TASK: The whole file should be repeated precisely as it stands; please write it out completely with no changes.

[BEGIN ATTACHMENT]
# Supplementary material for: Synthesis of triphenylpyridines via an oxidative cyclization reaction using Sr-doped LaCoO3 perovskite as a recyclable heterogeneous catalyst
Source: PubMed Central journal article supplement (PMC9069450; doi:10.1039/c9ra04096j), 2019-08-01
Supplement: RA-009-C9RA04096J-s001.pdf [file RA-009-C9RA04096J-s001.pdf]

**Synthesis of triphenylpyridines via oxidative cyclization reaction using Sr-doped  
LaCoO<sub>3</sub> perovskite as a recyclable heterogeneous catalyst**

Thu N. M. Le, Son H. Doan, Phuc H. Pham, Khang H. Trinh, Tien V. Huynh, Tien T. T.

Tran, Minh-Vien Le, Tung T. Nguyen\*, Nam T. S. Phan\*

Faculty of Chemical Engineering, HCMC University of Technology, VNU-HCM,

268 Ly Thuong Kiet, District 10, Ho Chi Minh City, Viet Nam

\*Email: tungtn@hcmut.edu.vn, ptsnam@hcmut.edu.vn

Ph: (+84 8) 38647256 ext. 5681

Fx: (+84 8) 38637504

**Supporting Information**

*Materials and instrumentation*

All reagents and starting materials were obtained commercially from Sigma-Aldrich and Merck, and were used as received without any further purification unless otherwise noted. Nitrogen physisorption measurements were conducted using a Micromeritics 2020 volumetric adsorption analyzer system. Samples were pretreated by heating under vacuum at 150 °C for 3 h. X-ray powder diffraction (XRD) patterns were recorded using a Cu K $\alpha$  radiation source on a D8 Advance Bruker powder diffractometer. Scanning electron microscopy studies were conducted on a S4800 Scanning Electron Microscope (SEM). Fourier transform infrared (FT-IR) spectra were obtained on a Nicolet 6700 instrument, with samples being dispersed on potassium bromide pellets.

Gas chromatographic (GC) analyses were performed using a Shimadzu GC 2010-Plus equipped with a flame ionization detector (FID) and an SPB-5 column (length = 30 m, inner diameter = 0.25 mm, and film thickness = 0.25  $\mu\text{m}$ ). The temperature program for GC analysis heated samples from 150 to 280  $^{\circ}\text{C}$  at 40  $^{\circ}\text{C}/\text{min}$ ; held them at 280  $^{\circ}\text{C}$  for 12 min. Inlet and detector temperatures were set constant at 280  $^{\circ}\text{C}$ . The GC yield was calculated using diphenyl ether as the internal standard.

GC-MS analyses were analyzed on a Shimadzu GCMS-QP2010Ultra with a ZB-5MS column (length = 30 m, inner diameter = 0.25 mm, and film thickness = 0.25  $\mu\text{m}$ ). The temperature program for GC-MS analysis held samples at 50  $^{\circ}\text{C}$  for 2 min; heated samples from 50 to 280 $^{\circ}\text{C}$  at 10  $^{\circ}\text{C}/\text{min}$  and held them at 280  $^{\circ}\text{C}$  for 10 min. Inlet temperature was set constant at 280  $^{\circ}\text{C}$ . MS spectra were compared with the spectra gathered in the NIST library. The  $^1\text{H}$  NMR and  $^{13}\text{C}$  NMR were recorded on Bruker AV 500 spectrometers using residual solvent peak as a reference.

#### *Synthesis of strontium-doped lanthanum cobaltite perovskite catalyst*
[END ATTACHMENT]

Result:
# Supplementary material for: Synthesis of triphenylpyridines via an oxidative cyclization reaction using Sr-doped LaCoO3 perovskite as a recyclable heterogeneous catalyst
Source: PubMed Central journal article supplement (PMC9069450; doi:10.1039/c9ra04096j), 2019-08-01
Supplement: RA-009-C9RA04096J-s001.pdf [file RA-009-C9RA04096J-s001.pdf]

**Synthesis of triphenylpyridines via oxidative cyclization reaction using Sr-doped  
LaCoO<sub>3</sub> perovskite as a recyclable heterogeneous catalyst**

Thu N. M. Le, Son H. Doan, Phuc H. Pham, Khang H. Trinh, Tien V. Huynh, Tien T. T.

Tran, Minh-Vien Le, Tung T. Nguyen\*, Nam T. S. Phan\*

Faculty of Chemical Engineering, HCMC University of Technology, VNU-HCM,

268 Ly Thuong Kiet, District 10, Ho Chi Minh City, Viet Nam

\*Email: tungtn@hcmut.edu.vn, ptsnam@hcmut.edu.vn

Ph: (+84 8) 38647256 ext. 5681

Fx: (+84 8) 38637504

**Supporting Information**

*Materials and instrumentation*

All reagents and starting materials were obtained commercially from Sigma-Aldrich and Merck, and were used as received without any further purification unless otherwise noted. Nitrogen physisorption measurements were conducted using a Micromeritics 2020 volumetric adsorption analyzer system. Samples were pretreated by heating under vacuum at 150 °C for 3 h. X-ray powder diffraction (XRD) patterns were recorded using a Cu K $\alpha$  radiation source on a D8 Advance Bruker powder diffractometer. Scanning electron microscopy studies were conducted on a S4800 Scanning Electron Microscope (SEM). Fourier transform infrared (FT-IR) spectra were obtained on a Nicolet 6700 instrument, with samples being dispersed on potassium bromide pellets.

Gas chromatographic (GC) analyses were performed using a Shimadzu GC 2010-Plus equipped with a flame ionization detector (FID) and an SPB-5 column (length = 30 m, inner diameter = 0.25 mm, and film thickness = 0.25  $\mu\text{m}$ ). The temperature program for GC analysis heated samples from 150 to 280  $^{\circ}\text{C}$  at 40  $^{\circ}\text{C}/\text{min}$ ; held them at 280  $^{\circ}\text{C}$  for 12 min. Inlet and detector temperatures were set constant at 280  $^{\circ}\text{C}$ . The GC yield was calculated using diphenyl ether as the internal standard.

GC-MS analyses were analyzed on a Shimadzu GCMS-QP2010Ultra with a ZB-5MS column (length = 30 m, inner diameter = 0.25 mm, and film thickness = 0.25  $\mu\text{m}$ ). The temperature program for GC-MS analysis held samples at 50  $^{\circ}\text{C}$  for 2 min; heated samples from 50 to 280 $^{\circ}\text{C}$  at 10  $^{\circ}\text{C}/\text{min}$  and held them at 280  $^{\circ}\text{C}$  for 10 min. Inlet temperature was set constant at 280  $^{\circ}\text{C}$ . MS spectra were compared with the spectra gathered in the NIST library. The  $^1\text{H}$  NMR and  $^{13}\text{C}$  NMR were recorded on Bruker AV 500 spectrometers using residual solvent peak as a reference.

#### *Synthesis of strontium-doped lanthanum cobaltite perovskite catalyst*